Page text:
Tick Tick Boom
NASA's asteroid-smashing mission was so successful that its impact could be seen from Earth — albeit with a sizable telescope.
As stargazer Tim Lister of the Las Cumbres Observatory pointed out on Twitter, sped-up footage of the collision, captured by a telescope in South Africa, showed the exact moment that NASA's Double Asteroid Reduction Test (DART) craft pummeled the asteroid, appearing to kick up a great wave of debris.
Animation (sped up 500x) from one of @LCO_Global's 1 meter telescope at @SAAO South Africa showing effects of #DARTMission impact into Dimorphos (Still no threat to the Earth... Long straight streak is camera artifact) pic.twitter.com/StYWtLArgG
— Tim Lister (@astrosnapper) September 27, 2022
Lister wasn't the only professional sky-watcher to post Earth-bound video of the collision, either. The Asteroid Terrestrial-impact Last Alert System (ATLAS) joint project between NASA and the University of Hawaii also shared its telescope's footage of the moment when DART battered Dimorphos. It, too, is nothing short of incredible.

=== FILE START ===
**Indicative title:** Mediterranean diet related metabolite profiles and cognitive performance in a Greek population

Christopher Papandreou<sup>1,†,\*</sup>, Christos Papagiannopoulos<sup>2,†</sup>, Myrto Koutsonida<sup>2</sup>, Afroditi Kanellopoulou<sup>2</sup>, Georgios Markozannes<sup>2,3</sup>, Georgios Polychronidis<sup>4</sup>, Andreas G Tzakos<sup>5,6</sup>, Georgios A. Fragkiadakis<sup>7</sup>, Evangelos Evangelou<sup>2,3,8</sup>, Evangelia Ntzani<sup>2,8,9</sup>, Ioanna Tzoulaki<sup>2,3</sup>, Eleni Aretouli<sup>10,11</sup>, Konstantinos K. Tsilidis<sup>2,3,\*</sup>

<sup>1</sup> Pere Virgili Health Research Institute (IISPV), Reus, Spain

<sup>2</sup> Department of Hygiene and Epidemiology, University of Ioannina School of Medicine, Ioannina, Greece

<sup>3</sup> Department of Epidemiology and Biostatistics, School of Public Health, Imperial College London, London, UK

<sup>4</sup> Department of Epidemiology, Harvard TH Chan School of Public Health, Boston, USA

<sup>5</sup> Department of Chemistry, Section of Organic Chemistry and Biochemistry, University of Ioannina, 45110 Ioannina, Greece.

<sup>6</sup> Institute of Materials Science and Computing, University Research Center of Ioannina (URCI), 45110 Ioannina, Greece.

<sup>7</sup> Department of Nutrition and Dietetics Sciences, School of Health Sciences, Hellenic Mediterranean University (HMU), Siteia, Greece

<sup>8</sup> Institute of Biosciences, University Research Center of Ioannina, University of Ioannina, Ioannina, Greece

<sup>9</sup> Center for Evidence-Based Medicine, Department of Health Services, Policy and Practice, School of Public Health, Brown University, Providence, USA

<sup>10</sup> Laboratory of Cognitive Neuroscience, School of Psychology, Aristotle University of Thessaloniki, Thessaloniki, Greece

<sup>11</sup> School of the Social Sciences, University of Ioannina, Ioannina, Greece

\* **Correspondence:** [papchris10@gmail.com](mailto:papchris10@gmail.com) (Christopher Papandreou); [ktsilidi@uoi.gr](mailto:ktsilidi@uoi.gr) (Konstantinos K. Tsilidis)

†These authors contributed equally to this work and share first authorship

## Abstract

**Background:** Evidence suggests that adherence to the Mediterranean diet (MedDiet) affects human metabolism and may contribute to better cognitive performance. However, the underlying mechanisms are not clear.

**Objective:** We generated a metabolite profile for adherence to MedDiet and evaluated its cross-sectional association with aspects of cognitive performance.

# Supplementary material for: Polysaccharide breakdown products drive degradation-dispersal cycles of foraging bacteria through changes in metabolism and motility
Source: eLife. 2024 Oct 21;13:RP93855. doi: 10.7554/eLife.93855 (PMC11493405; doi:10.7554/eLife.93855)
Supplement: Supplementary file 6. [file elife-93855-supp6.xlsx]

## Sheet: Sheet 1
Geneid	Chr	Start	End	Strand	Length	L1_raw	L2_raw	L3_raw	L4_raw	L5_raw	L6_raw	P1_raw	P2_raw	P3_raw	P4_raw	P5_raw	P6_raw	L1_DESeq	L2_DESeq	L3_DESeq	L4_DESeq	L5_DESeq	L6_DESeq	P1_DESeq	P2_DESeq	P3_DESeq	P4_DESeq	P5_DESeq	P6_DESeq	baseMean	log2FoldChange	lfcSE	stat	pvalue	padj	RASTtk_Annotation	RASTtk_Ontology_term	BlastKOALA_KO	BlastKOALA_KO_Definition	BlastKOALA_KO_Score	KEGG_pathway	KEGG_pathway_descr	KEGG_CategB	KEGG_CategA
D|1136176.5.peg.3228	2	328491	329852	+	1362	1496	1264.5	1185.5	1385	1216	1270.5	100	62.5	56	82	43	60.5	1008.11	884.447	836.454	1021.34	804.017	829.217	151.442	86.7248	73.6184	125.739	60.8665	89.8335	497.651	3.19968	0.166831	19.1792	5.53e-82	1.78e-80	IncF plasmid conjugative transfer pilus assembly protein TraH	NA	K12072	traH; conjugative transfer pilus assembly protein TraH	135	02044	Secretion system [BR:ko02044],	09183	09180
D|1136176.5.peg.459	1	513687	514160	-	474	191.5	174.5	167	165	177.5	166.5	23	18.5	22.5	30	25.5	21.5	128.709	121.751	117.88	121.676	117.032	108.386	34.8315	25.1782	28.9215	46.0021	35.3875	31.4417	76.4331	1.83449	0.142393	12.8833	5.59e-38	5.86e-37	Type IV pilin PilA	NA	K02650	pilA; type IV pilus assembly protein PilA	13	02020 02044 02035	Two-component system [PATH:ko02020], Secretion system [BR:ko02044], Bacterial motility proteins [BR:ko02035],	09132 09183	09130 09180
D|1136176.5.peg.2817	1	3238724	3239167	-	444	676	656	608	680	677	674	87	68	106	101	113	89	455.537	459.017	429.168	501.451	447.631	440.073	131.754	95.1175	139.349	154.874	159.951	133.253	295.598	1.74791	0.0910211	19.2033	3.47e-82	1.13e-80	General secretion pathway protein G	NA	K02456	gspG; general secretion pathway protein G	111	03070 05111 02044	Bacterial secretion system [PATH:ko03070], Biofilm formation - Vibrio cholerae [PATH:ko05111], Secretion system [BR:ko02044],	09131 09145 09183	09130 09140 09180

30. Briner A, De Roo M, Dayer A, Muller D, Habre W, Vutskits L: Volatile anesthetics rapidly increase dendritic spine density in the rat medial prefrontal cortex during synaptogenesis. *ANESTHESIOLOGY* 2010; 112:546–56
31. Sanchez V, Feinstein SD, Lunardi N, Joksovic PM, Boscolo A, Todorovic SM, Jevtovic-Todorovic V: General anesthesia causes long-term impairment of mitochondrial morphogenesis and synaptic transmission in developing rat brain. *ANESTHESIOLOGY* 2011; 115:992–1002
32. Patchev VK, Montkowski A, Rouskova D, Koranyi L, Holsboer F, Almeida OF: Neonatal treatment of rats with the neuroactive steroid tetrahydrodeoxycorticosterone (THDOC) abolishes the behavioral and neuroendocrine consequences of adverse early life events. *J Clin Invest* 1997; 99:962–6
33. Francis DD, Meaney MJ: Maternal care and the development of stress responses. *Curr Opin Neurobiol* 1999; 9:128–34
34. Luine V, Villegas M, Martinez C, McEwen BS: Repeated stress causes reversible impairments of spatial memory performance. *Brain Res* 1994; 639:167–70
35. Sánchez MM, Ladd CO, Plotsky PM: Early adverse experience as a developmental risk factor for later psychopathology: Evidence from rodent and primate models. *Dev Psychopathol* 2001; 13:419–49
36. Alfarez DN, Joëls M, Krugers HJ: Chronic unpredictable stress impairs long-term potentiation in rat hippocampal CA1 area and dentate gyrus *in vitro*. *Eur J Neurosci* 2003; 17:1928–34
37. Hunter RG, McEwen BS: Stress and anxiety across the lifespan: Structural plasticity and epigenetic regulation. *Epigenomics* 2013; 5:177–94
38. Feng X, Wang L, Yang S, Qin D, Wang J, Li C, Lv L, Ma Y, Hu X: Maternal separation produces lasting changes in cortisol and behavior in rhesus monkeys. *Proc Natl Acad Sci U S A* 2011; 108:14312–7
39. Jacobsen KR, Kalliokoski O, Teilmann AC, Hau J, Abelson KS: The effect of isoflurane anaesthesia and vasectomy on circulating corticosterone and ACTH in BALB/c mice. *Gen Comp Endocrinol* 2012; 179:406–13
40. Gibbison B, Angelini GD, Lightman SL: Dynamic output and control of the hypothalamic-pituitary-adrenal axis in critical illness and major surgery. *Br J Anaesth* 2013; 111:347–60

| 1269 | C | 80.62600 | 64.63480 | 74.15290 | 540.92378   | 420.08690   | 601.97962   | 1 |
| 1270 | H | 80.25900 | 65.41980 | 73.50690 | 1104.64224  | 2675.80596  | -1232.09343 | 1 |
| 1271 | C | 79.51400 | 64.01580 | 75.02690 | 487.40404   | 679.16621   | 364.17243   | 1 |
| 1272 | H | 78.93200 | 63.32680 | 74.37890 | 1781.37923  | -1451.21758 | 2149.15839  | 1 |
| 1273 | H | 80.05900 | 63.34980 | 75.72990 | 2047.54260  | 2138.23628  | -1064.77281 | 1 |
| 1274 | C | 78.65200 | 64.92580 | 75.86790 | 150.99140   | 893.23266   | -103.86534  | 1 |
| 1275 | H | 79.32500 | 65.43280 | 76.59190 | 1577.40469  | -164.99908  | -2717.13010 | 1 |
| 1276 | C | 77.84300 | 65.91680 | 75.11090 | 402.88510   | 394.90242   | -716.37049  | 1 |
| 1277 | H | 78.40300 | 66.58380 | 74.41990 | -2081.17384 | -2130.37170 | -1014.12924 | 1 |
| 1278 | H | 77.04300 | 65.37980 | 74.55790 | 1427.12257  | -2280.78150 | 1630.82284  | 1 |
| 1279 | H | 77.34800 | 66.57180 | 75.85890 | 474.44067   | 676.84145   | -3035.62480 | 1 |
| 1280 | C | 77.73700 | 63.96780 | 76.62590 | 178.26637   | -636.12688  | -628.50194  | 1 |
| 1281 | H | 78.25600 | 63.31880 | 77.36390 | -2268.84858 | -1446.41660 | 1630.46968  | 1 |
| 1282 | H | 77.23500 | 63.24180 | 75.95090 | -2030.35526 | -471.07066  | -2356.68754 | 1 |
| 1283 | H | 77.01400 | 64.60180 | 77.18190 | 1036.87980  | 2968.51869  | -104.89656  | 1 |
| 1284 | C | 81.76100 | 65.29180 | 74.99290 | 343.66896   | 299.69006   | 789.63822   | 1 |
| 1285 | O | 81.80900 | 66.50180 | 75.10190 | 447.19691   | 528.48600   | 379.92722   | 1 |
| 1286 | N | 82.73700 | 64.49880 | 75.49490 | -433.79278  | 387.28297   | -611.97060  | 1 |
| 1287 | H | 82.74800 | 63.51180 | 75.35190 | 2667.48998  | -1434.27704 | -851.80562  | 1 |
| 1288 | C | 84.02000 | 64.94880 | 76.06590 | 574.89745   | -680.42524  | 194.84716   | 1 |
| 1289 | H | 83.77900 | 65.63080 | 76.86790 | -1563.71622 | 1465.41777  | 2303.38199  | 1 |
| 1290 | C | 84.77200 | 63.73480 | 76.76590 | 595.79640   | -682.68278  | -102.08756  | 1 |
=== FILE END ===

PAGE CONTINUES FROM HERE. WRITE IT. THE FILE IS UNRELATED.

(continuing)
ATLAS observations of the DART spacecraft impact at Didymos! pic.twitter.com/26IKwB9VSo
— ATLAS Project (@fallingstarIfA) September 27, 2022
Doing the Didymos-t
Though Dimorphos, the impacted part of the Didymos asteroid pair, presented no threat to Earth, this first test of DART's capabilities was an important first step in seeing if NASA's car-sized asteroid defense craft could help stave off others that could wreak major havoc if they make landfall.
Judging by how spectacular the collision appeared to have been — and how effusive NASA scientists were about it, calling it "beautiful to watch" — it seems likely that DART accomplished its goal, though we're still holding out for data showing how the impact affected the pair's trajectory.
"Humanity one, asteroid zero," one NASA presenter said on the agency's live stream of the in-orbit wrecking ball.
And honestly, with this kind of footage, it's hard not to agree with them.
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